Keep On Building Your Self-Confidence

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By: Rabbi Zelig Pliskin

Self-confidence is one of the most beneficial qualities that one can have. People with self-confidence feel good about themselves. They feel good about their knowledge, their talents, and their abilities. They feel confident that things will work out well for them. They know that they can learn the knowledge and skills that they need and want.

Some young children naturally develop this quality. Some people have thoughts and feelings of self-confidence because they have role models with self-confidence that they have emulated. Some people have had parents and teachers and other friends and relatives who have given them plenty of positive feedback. This positive feedback helped them see themselves in a positive light.

Confidence and self-confidence are learnable skills. So even if someone doesn’t yet have the confidence and self-confidence that he would like to have, he can build it alone or with the help of others. How do you continue to build your self-confidence? When you see that you already know something, that you learned something, or that you can do something, comment to yourself, “I see I know this,” or “I just learned this. Now I know it,” or “I see that I know how to do this.” Every time? Of course not. Just as many times as you feel is best for you.

Confidence means that you feel certain that you know something or that you can do something. We all start off in life not knowing anything and not being able to do anything. Those who are confident tell themselves that they know the things about which they are confident.

    Being confident does not mean that you should speak in a tone of voice that sounds contrived, forced, pompous, arrogant, or like a show off. Rather, you can speak in your regular tone of voice and have an attitude of knowing things.

    Being confident means knowing that you know some things and that you can learn many things that you presently don’t know. You can ask others for the information you need. You can ask others to show you how to do things that you can’t yet do. You can read books, pamphlets, or reports that give instructions about how to do things.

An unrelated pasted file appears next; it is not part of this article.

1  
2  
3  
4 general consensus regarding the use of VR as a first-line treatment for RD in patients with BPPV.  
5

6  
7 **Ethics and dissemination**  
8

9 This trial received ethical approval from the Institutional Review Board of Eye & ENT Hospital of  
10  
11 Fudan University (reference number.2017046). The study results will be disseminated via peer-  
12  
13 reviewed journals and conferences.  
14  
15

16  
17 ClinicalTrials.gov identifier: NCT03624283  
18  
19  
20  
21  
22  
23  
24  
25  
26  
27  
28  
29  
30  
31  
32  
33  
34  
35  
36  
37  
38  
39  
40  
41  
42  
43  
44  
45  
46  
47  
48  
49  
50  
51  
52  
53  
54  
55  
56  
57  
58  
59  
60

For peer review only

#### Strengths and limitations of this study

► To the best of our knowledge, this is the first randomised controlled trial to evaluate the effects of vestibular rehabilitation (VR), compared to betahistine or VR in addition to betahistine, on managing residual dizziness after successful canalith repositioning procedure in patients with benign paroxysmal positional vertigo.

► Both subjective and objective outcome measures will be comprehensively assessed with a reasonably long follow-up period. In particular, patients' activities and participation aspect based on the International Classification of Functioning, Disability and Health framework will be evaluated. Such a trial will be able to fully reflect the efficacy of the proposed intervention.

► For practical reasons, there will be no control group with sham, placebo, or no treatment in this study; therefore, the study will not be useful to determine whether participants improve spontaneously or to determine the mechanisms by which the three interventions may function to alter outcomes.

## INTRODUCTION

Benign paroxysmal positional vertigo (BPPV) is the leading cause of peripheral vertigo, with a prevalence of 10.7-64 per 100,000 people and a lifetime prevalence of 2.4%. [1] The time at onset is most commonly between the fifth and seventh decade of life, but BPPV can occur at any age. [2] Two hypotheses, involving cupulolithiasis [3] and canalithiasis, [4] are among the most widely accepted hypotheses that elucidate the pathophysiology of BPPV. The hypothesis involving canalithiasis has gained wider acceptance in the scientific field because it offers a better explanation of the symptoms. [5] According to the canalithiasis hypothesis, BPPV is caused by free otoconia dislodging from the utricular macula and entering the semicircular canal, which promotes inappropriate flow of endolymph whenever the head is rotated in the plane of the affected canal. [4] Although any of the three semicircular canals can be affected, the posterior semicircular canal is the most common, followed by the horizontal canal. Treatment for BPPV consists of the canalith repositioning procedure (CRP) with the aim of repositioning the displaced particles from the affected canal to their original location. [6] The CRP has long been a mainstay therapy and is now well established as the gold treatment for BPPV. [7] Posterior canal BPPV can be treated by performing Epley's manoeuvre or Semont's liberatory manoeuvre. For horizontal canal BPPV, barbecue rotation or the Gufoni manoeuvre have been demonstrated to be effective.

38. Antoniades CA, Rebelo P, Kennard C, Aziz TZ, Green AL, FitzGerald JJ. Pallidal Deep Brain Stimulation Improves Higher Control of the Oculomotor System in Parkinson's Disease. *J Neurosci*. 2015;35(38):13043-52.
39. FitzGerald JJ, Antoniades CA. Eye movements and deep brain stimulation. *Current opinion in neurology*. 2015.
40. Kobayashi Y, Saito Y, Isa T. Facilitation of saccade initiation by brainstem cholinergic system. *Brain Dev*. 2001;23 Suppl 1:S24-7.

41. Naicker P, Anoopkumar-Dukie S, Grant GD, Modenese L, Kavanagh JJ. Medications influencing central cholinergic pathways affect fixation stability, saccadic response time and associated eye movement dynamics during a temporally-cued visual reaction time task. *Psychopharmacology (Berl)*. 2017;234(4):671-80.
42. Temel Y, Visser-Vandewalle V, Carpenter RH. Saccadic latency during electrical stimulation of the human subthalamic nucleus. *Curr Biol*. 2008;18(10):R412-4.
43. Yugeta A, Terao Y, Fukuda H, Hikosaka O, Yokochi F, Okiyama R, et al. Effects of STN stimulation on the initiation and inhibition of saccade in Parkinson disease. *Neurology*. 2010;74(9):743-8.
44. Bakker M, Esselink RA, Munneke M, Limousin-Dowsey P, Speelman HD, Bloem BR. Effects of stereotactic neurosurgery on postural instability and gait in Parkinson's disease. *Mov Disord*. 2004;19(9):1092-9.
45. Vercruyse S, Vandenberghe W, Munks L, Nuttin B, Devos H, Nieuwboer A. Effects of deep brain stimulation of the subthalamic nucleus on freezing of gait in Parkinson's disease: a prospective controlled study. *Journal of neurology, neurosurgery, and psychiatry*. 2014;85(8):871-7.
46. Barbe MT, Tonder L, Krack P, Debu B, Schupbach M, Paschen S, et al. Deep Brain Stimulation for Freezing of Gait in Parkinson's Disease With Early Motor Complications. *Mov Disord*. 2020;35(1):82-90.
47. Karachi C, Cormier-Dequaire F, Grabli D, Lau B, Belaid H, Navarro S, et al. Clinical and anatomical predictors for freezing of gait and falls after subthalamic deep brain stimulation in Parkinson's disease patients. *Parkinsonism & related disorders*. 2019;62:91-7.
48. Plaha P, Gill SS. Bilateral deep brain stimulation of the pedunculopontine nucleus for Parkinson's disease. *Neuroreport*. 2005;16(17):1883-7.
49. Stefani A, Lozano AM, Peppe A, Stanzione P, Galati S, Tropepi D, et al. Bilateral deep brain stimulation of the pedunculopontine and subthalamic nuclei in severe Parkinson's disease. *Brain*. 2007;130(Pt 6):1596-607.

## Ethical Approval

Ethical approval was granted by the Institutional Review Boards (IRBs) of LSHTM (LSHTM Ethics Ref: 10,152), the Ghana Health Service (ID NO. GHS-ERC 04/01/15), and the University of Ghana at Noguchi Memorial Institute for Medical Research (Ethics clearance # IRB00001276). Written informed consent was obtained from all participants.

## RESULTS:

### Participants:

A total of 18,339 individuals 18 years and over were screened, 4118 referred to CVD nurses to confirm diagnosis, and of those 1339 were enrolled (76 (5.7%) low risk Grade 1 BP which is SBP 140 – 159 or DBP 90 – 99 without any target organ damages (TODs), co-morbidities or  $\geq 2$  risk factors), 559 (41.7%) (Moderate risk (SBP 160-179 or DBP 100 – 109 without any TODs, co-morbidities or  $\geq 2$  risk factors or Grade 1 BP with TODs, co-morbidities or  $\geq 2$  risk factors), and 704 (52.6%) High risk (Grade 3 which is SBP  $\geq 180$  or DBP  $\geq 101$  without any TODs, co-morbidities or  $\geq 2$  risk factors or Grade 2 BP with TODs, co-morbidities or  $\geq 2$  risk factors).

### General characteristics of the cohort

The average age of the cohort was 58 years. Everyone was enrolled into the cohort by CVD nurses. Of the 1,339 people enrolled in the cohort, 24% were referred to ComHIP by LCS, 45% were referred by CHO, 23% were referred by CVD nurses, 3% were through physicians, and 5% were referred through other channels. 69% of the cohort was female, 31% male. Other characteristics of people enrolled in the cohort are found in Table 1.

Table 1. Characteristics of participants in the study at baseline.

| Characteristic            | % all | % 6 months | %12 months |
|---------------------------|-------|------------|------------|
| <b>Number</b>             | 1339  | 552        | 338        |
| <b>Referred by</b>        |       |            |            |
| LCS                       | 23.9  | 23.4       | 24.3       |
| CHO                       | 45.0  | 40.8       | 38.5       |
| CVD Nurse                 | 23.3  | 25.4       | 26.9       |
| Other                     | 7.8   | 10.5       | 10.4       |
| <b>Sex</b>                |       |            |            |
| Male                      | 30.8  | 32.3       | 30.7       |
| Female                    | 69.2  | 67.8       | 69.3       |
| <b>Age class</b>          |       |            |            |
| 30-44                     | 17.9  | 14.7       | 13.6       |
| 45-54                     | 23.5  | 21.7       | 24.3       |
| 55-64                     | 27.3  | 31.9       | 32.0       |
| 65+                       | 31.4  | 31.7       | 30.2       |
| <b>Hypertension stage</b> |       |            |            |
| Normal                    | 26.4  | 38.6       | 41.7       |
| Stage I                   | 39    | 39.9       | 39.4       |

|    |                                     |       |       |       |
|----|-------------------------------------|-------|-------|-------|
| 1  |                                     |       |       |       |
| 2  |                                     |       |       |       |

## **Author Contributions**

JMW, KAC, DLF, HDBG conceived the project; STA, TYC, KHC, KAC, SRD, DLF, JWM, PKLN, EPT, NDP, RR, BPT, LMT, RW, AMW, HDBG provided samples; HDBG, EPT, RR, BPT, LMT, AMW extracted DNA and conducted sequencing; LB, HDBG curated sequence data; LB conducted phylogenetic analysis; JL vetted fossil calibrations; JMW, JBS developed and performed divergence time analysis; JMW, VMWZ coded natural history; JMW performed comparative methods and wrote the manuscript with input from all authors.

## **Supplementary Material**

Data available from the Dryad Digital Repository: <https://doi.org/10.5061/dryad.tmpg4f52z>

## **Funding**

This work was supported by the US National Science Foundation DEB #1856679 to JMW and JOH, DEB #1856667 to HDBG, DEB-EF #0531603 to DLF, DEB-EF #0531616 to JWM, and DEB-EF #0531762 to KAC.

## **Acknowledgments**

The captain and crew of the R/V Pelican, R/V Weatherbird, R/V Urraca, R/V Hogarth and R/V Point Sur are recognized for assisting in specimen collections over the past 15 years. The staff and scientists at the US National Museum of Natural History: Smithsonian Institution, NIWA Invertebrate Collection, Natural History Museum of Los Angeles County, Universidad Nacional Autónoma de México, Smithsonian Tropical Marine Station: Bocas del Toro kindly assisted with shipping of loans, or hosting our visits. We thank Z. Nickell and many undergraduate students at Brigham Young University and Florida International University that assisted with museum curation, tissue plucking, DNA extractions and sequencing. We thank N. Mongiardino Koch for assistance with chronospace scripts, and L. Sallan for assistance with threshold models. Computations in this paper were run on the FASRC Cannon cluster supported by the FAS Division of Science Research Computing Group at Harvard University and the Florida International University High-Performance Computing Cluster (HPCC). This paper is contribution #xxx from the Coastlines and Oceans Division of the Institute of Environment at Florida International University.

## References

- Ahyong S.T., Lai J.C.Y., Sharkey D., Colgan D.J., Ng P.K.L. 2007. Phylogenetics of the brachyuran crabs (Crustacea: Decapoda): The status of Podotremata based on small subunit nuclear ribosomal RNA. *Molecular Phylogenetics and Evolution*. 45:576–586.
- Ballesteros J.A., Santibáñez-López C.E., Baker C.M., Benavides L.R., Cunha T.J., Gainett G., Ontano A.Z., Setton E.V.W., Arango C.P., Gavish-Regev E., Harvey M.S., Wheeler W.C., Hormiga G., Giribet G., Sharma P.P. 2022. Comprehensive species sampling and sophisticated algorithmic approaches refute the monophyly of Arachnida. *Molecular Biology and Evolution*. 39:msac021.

Being confident also means knowing that you can find people who will be able assist you when you can’t do something yourself. In many instances, a kind stranger will be glad to give you assistance. As long as you know how to ask, you can consider yourself confident that you can find ways to get things done.

    If you would like to build your self-confidence, tell yourself, “I keep building my self-confidence all the time. I know much more now than when I started off in life. As I keep learning more things and have more experience, my self-confidence gets stronger and stronger.”

    You don’t need to wait until you feel 100% self-confident. At any given moment, you can say to yourself, “I will speak and act like a person with balanced self-confidence.” Just speak and act like that right away. You will find that when you speak and act with self- confidence, other people tend to treat you with more respect.

      Those who realize the value of every human being will always treat you and others with great respect. But even those who have not yet reached the level will begin to treat you with greater respect when you have greater respect for yourself. Self-respect is a birth-right. You don’t need anyone else’s permission to have self-respect. Claim it. It’s yours.

      (from Rabbi Zelig’s book: “Conversations With Yourself”, pp.162-4)